No indication – and therefore, it is believed, no limitation – is provided by the legislator with reference to the content of the agreement between the debtor and the creditor class. It follows that the debtor will be free to determine not only the content of the agreement, but also the number of creditors concerned by the same. The only element that must necessarily characterize the agreement would seem to be the suitability of the same to determine the overcoming of the business crisis .

Unlike what happens in the context of the restructuring agreements pursuant to art. 56 CCI (now governed by Article 67 of the Bankruptcy Law) it is not expected that the feasibility of the underlying business plan with the creditors agreement should in any way be verified by a professional (independent).

This circumstance seems relevant if we consider that the agreement reached in this context with the creditors has the same effectiveness as the agreements that implement the recovery plan as per art. 56 ICC, with the consequent corollaries in terms of exemption from the revocatory in case of subsequent judicial liquidation.

The accompanying report to the art. 19 CCI states that the ” obvious assumption of this benefit [the revocation exemption of the acts performed in execution of the agreement] is that the agreement has been reached with the supervision and approval of the college, which, therefore, indirectly guarantee the feasibility of the plan underlying the agreement “.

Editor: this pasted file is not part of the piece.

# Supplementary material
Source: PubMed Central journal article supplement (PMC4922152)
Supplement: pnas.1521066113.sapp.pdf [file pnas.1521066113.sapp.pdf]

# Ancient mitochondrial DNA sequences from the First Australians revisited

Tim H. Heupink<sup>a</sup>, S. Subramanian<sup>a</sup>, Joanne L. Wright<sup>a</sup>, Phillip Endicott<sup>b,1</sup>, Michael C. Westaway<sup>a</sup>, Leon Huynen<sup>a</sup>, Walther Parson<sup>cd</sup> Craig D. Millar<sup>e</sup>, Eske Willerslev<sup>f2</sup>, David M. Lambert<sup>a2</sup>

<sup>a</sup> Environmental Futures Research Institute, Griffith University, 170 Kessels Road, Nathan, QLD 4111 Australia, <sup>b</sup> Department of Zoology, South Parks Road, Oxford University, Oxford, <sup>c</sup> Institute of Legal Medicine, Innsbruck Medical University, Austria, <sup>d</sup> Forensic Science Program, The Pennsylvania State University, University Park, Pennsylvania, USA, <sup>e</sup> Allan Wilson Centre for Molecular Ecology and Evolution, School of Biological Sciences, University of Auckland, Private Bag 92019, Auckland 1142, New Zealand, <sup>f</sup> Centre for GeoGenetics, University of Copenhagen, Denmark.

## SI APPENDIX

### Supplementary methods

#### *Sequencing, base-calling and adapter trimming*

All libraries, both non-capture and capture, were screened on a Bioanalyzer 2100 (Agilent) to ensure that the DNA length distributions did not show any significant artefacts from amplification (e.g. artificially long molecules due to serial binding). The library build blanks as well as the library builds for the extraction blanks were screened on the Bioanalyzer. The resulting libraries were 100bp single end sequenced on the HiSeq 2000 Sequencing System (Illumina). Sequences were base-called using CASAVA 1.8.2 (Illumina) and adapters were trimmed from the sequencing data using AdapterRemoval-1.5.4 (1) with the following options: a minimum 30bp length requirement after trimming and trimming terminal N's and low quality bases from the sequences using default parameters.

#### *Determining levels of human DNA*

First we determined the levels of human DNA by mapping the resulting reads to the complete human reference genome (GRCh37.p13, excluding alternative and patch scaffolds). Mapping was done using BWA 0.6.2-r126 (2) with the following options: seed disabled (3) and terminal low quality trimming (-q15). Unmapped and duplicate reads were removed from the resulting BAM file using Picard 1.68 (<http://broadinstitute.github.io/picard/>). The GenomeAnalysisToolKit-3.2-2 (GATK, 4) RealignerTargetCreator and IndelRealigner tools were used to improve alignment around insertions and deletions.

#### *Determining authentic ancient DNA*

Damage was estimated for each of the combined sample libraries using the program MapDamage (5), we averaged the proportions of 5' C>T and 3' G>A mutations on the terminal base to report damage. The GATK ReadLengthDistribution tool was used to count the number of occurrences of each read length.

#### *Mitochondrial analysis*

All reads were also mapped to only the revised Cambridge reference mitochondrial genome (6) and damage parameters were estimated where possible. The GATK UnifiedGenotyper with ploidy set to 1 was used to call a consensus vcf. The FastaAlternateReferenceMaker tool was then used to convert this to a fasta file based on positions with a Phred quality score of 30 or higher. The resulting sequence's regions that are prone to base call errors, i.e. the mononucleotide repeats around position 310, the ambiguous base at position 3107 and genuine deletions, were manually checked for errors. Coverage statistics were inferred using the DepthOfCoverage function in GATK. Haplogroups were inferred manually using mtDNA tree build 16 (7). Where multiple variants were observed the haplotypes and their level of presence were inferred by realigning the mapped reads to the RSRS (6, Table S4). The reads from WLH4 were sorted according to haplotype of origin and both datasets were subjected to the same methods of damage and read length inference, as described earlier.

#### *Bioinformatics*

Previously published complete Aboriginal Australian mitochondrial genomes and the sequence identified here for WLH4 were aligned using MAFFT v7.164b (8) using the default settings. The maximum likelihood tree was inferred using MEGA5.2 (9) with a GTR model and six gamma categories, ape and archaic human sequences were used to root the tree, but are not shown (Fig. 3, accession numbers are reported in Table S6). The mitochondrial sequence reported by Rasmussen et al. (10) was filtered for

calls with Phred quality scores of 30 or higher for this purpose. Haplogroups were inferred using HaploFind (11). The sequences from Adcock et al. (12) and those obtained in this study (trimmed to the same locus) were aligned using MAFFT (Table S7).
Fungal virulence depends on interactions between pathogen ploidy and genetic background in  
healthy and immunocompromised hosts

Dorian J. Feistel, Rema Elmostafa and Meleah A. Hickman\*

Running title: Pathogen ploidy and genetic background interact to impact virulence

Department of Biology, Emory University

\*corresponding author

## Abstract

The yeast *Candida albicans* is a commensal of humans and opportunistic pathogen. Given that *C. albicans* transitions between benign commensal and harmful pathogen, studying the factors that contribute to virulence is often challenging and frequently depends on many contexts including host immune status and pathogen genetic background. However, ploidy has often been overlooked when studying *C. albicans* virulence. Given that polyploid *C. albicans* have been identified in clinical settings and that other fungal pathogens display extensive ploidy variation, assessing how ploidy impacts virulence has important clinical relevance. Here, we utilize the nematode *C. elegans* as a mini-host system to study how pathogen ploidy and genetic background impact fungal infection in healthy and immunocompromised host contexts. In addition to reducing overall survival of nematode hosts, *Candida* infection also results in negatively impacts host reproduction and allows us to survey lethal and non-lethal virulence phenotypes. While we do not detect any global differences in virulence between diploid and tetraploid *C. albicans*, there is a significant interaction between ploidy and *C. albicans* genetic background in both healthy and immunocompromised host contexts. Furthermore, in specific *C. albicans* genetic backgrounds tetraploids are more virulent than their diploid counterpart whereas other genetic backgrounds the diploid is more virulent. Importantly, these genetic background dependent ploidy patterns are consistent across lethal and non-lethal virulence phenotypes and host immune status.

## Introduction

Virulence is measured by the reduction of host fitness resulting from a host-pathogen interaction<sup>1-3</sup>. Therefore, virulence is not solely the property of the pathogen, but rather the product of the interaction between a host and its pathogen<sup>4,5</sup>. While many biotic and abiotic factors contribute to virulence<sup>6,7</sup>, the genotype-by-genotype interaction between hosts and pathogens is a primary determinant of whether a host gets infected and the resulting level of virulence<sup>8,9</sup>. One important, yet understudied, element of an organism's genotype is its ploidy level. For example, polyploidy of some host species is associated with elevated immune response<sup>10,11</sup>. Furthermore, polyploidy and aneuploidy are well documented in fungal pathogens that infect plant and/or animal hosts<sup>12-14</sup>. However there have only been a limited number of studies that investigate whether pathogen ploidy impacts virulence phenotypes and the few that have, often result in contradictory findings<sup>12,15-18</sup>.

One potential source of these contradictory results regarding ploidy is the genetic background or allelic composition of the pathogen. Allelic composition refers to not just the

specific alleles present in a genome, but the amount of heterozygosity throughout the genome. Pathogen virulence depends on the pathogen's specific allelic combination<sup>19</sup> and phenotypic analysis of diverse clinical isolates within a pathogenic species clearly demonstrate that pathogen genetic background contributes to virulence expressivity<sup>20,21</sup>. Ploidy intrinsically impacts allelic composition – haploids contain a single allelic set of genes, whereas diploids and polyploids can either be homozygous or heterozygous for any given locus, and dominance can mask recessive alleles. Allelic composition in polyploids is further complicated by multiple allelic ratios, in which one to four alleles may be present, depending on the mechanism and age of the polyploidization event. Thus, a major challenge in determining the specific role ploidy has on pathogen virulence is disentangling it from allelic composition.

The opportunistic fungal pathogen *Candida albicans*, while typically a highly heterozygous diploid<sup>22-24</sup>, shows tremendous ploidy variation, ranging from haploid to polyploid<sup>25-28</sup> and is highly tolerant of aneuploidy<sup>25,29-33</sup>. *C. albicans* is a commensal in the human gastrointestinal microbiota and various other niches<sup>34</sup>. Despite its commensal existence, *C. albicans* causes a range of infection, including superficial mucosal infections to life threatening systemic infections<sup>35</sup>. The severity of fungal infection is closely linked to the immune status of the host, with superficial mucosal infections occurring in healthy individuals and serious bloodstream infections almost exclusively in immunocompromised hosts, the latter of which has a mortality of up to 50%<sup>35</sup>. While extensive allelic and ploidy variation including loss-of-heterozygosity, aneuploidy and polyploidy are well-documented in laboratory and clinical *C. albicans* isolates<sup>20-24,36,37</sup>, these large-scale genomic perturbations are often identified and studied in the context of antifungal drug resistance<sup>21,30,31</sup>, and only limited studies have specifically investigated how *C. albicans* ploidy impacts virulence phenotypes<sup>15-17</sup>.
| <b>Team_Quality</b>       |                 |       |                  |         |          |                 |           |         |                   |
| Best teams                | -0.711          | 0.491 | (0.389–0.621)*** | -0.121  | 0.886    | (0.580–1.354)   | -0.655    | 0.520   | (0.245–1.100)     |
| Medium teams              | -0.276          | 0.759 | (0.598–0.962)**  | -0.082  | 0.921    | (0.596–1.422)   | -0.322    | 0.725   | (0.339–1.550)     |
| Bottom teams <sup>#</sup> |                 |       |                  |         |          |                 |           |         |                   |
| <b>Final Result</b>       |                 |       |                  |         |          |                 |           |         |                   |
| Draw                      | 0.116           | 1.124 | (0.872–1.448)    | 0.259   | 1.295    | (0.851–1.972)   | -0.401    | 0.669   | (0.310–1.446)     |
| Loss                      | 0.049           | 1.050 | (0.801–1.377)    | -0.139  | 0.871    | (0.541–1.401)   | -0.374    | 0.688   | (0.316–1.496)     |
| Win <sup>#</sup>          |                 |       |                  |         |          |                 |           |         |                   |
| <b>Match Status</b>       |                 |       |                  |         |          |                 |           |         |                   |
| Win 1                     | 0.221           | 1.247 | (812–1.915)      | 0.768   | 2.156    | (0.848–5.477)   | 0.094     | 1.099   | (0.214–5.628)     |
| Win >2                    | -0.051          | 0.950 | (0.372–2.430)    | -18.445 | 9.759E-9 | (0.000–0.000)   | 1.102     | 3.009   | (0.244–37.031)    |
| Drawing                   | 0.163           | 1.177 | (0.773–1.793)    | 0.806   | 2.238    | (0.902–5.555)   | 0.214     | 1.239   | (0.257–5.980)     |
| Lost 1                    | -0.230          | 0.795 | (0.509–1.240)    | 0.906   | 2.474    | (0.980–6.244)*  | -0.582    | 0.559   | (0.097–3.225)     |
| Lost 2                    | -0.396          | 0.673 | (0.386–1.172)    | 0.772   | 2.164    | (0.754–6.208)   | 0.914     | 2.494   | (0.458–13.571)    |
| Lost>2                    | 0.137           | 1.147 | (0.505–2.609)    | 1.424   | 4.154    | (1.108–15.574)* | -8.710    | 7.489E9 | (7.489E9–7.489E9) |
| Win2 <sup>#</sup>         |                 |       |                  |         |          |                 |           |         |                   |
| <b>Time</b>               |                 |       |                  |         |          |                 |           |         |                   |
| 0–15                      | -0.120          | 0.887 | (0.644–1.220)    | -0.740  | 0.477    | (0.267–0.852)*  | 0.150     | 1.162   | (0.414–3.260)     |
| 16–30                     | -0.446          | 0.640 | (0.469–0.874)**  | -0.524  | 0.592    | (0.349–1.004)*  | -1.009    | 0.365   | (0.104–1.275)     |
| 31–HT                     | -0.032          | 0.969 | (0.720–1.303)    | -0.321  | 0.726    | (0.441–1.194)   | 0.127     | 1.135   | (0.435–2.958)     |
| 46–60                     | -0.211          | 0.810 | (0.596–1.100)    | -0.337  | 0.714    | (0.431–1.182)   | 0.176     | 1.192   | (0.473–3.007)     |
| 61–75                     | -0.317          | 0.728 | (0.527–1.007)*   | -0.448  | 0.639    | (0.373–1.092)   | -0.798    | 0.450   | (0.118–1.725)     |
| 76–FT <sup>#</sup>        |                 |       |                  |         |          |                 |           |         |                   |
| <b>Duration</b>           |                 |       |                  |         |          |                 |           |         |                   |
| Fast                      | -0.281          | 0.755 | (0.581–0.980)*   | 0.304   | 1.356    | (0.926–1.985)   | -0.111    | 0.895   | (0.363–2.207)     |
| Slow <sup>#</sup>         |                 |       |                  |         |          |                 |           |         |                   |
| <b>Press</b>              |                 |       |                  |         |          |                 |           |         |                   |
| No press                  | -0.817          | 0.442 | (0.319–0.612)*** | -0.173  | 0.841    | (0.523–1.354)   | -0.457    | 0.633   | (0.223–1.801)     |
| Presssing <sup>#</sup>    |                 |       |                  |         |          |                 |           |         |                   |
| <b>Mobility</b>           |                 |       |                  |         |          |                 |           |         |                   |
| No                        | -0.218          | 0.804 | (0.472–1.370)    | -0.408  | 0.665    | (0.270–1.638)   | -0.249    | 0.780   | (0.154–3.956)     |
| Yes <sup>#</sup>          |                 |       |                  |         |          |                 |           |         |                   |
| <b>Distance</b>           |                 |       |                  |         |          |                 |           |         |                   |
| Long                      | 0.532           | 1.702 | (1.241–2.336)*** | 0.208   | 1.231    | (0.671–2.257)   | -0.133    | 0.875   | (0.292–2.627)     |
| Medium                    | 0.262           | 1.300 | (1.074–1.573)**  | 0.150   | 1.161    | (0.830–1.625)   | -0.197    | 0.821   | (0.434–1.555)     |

On closer inspection, however, what is defined by the accompanying Report as a ” clear assumption ” of the benefits recognized by art. 19 CCI last paragraph is thus not clearly formalized in the legislative text. This circumstance seems to be worthy of attention even more so considering the fact that in the procedural context outlined by the art. 19 CCI is not envisaged – except for the possible granting of protective measures pursuant to art. 20 ICC – the intervention of the judicial authority.

In the absence of a (desirable) clarification intervention on this point by the legislator, it will be the practice adopted by the bodies of composition of the crisis to trace a way of managing the differences of views that should emerge between the OCRI and the debtor (and hypothetically the creditors) – or within the same college of experts – in relation to the actual functionality of the agreement with respect to overcoming the business crisis. Just as the exact determination of the responsibilities borne by the expert panel due to the role of ” guarantor of the feasibility of the plan ” that the accompanying Report would implicitly give to the same will be remitted to the future jurisprudential elaboration.

3. The conclusion of the assisted settlement process of the crisis


At present the art. 21 ICC limits itself to providing that if – at the end of the three-month period, as eventually extended – “an agreement has not been concluded with the creditors and a crisis situation remains” the expert panel will have to invite the debtor to submit a request for access to an insolvency procedure (be it a debt restructuring agreement, an arrangement with creditors or a judicial liquidation) within thirty days.

In a perspective of procedural economy and containment of time it is envisaged that the debtor can use, for the purpose of initiating the insolvency procedure, the report on the patrimonial, economic and financial situation of the company and the list of creditors eventually predisposed and attested, from the point of view of truthfulness, from the college of experts.